In February, a bill introduced by Sen. Jeff Taylor, R-Sioux Center, that would have blocked private companies from using eminent domain to build carbon pipelines on agricultural land got an early nod from a subcommittee and was slated for a full committee hearing until it was abruptly pulled from consideration. Taylor had conceded the bill faced an “uphill battle” due to a lack of support among other senators.
Then, about two weeks ago, Kaufmann reversed course and, along with his colleagues of the House State Government committee, rewrote an unrelated cosmetology bill that was still eligible for consideration this legislative session into one that would impose an eminent domain moratorium until March 2023. He said it’s important for landowners to be able to negotiate with the pipeline companies for voluntary easements without the looming threat of eminent domain.
The latest proposal that is part of a budget bill was adopted by the House last week. It reduced the moratorium by a month.
A feckless proposal?
Taylor, who attended the Tuesday event at the Capitol, said he doubts the pause will have any palpable effect on the negotiations, nor that it will delay the projects’ timelines.
“This does not remove the harassment that’s taking place by the land agents as they’re bugging you over and over and over,” he said of the companies’ efforts to get permission to build. “There’s no restrictions on that. All of that is going to continue, I’m afraid, so you have no protection in that way either.”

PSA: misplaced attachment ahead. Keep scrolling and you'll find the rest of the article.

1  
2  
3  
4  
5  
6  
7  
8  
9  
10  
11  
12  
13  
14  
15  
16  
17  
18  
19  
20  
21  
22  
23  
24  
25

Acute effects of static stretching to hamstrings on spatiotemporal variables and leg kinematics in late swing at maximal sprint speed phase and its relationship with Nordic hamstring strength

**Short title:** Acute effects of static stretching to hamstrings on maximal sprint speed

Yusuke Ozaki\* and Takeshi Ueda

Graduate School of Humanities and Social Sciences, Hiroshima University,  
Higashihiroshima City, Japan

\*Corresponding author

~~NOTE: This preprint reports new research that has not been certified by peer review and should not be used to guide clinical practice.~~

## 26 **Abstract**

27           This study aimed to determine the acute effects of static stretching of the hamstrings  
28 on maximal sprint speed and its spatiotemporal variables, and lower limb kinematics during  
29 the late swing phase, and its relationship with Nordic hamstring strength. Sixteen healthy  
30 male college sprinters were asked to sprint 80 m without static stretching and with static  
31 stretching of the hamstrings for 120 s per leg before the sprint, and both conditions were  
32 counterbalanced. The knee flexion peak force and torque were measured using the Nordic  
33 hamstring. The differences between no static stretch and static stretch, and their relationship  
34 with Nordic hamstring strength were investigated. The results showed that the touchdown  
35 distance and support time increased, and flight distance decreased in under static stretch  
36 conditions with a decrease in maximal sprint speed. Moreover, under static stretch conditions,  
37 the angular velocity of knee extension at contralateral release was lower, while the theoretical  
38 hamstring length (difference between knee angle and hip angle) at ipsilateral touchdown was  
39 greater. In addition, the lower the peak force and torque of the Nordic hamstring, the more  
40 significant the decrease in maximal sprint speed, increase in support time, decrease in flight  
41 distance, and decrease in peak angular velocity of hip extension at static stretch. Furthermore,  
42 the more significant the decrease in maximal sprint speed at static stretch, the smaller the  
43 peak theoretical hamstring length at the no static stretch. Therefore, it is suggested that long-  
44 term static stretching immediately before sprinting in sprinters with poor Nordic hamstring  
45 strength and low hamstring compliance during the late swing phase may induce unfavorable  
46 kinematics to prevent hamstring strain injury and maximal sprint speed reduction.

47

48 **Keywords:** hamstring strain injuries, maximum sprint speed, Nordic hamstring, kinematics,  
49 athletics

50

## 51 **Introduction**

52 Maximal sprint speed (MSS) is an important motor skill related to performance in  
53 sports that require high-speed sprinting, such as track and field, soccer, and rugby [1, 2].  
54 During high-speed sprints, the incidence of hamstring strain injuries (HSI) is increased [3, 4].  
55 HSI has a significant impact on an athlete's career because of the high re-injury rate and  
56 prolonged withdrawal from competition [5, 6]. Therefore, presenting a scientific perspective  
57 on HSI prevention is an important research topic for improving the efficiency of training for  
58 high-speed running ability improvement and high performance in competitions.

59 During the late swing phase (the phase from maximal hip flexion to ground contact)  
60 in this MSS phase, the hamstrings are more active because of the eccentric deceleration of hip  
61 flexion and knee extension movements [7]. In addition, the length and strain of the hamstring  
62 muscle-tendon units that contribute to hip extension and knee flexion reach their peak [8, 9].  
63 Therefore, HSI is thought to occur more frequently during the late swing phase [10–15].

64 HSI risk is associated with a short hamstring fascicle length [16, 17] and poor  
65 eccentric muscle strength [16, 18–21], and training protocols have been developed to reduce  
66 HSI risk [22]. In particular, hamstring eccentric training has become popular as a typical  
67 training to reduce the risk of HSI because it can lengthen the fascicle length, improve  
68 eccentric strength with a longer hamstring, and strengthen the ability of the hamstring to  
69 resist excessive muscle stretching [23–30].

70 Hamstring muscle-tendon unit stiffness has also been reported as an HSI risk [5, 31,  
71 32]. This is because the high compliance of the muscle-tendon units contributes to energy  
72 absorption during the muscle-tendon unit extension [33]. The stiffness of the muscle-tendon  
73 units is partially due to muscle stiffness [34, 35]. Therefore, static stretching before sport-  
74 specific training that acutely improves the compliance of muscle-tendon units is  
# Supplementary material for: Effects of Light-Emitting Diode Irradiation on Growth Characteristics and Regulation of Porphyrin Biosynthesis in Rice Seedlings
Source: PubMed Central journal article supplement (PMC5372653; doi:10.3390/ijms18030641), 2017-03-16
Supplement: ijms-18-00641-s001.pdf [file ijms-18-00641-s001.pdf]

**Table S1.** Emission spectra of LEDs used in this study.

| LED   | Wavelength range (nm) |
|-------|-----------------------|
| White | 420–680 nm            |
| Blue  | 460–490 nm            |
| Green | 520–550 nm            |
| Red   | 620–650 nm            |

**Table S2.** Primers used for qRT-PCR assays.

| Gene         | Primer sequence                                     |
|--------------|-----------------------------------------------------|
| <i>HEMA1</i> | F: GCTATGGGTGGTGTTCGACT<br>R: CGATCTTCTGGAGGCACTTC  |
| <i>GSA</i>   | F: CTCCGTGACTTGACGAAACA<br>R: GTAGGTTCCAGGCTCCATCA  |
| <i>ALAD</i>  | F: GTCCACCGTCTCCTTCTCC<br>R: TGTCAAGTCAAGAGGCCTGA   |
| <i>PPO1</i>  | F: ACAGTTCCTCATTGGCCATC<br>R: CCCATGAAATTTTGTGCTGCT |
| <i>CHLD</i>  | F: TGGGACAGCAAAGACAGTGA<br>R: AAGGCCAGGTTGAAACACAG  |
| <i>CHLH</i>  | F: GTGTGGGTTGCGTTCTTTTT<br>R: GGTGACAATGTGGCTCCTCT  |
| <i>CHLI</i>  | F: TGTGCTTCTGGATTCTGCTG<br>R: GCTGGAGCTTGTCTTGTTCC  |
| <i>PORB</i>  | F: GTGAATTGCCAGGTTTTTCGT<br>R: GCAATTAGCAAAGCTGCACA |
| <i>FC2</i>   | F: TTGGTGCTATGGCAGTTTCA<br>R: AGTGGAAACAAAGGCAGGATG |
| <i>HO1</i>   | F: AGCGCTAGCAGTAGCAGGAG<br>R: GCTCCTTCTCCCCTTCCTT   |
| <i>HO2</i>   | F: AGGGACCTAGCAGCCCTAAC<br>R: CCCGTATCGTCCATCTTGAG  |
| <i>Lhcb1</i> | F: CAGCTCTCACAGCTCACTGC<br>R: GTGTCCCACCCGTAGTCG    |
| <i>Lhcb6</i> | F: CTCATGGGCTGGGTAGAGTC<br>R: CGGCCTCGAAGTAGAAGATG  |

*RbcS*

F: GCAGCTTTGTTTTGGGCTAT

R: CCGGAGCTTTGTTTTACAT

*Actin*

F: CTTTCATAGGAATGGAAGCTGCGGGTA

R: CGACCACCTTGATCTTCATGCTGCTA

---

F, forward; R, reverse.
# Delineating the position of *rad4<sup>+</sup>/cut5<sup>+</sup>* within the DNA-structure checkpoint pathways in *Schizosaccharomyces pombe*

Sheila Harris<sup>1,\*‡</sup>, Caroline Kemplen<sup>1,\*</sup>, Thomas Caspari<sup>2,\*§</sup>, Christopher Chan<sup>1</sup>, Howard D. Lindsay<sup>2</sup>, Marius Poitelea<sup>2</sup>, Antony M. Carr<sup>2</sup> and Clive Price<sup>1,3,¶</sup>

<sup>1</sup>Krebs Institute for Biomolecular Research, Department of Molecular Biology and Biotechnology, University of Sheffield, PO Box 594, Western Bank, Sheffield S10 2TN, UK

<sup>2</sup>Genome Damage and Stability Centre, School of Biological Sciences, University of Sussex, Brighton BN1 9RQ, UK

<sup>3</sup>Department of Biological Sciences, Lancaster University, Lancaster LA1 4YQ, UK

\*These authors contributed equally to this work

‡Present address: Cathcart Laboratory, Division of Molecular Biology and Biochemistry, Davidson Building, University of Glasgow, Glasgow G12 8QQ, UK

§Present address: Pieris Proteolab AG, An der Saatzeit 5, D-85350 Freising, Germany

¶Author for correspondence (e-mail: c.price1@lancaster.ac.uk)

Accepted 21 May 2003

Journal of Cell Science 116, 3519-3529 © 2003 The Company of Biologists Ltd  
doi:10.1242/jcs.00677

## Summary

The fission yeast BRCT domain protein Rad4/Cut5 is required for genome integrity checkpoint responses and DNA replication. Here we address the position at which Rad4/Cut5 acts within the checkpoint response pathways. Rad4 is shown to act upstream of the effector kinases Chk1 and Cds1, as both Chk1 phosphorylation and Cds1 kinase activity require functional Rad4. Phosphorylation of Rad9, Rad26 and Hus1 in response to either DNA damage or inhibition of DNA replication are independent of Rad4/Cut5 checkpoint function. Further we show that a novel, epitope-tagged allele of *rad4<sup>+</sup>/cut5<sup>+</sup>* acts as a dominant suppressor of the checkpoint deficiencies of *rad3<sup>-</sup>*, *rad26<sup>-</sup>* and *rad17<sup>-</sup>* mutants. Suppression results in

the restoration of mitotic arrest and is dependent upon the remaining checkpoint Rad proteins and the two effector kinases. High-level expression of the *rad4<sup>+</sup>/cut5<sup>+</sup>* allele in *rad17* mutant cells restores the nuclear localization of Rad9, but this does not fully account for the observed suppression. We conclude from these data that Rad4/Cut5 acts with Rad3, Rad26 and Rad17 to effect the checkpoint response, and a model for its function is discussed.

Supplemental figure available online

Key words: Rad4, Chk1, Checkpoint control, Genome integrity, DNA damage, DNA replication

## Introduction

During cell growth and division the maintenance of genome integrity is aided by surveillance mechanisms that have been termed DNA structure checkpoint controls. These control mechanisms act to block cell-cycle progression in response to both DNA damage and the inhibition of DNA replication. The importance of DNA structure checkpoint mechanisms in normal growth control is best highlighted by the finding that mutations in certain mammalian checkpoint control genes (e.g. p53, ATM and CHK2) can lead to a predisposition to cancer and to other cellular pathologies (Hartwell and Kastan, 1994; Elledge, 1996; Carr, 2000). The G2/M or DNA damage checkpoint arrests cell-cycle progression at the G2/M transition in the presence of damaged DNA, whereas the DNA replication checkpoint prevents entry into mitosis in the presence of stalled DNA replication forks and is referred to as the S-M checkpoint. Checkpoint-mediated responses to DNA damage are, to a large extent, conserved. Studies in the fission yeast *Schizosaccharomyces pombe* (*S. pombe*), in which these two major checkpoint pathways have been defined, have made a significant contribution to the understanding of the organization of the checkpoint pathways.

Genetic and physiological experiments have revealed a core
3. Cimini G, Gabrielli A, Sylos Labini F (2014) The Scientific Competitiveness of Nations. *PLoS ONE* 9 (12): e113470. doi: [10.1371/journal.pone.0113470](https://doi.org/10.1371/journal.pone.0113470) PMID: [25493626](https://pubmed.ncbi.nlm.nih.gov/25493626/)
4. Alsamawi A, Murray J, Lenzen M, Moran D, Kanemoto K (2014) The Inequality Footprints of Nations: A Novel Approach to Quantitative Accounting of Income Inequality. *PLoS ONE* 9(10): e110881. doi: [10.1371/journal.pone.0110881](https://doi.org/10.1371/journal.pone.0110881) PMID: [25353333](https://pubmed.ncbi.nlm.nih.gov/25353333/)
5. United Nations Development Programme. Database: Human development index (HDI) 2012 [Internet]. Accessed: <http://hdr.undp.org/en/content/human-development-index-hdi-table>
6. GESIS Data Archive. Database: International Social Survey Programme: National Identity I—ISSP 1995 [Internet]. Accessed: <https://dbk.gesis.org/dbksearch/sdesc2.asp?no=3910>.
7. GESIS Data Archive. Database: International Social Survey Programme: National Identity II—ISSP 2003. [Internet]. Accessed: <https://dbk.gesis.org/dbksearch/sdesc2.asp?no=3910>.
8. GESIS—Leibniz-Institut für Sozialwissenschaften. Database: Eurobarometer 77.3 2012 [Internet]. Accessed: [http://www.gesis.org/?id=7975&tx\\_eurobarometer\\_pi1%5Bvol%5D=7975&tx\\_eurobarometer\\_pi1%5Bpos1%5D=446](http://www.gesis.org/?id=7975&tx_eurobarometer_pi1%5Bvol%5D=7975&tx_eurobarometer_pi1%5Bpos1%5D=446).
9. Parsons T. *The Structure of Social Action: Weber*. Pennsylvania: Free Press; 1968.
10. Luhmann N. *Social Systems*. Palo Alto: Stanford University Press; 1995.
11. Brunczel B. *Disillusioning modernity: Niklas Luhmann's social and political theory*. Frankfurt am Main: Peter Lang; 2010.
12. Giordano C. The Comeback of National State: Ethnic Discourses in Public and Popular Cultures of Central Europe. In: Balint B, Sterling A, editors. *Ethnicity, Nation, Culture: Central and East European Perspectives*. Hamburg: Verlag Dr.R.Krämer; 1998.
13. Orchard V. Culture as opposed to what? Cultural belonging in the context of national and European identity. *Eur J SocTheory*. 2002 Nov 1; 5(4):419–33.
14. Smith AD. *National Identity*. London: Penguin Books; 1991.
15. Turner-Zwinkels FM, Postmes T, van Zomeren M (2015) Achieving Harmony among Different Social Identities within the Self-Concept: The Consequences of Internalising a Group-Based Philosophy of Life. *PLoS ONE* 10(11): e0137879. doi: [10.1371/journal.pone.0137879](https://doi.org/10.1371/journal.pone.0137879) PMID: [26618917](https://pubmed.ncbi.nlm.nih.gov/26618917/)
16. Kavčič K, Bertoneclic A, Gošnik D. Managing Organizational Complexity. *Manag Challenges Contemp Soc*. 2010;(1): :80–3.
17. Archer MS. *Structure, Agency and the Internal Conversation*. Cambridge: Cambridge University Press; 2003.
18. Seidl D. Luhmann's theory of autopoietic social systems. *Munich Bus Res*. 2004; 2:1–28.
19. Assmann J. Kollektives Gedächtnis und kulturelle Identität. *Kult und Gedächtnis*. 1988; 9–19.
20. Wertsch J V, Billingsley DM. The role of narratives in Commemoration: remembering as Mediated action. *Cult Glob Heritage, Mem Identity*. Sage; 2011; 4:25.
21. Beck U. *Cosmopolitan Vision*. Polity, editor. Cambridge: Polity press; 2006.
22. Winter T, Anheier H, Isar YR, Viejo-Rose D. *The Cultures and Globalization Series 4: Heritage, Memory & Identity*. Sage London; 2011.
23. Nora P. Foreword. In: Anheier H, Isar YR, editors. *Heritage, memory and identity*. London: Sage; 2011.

One landowner who spoke Tuesday, George Cummins, a retired agronomist from Floyd County, said the proposed moratorium is merely meant to placate voters until after the upcoming November election.
Others made emotional pleas to prevent the pipeline companies from slicing up their farmland that has been passed down through generations. Kathy Stockdale, of Hardin County, said she and some of her neighbors are attempting to fend off two of the projects. She said the Summit and Navigator pipelines would both cross their lands.
“The latest bill does nothing for us landowners,” Stockdale said. “The threat of eminent domain is still there.”
Summit, in a preemptive statement about the forum, said it has secured easements for more than 100 miles of its pipeline and was working to finalize 70 more miles. That represents about a quarter of its route through Iowa.
Those agreements are “a clear indication that the current system is working and working well,” the company said.
To approve eminent domain for the projects, the IUB must conclude that they serve a public benefit. Taylor said they don’t.
“This isn’t for a public park. This isn’t for a public library,” he said. “This isn’t for a public school or public highway.”
Taylor said the power to grant eminent domain should be stripped from the IUB and that the moratorium should be extended to allow lawmakers to take up the issue again next year before any projects can be approved.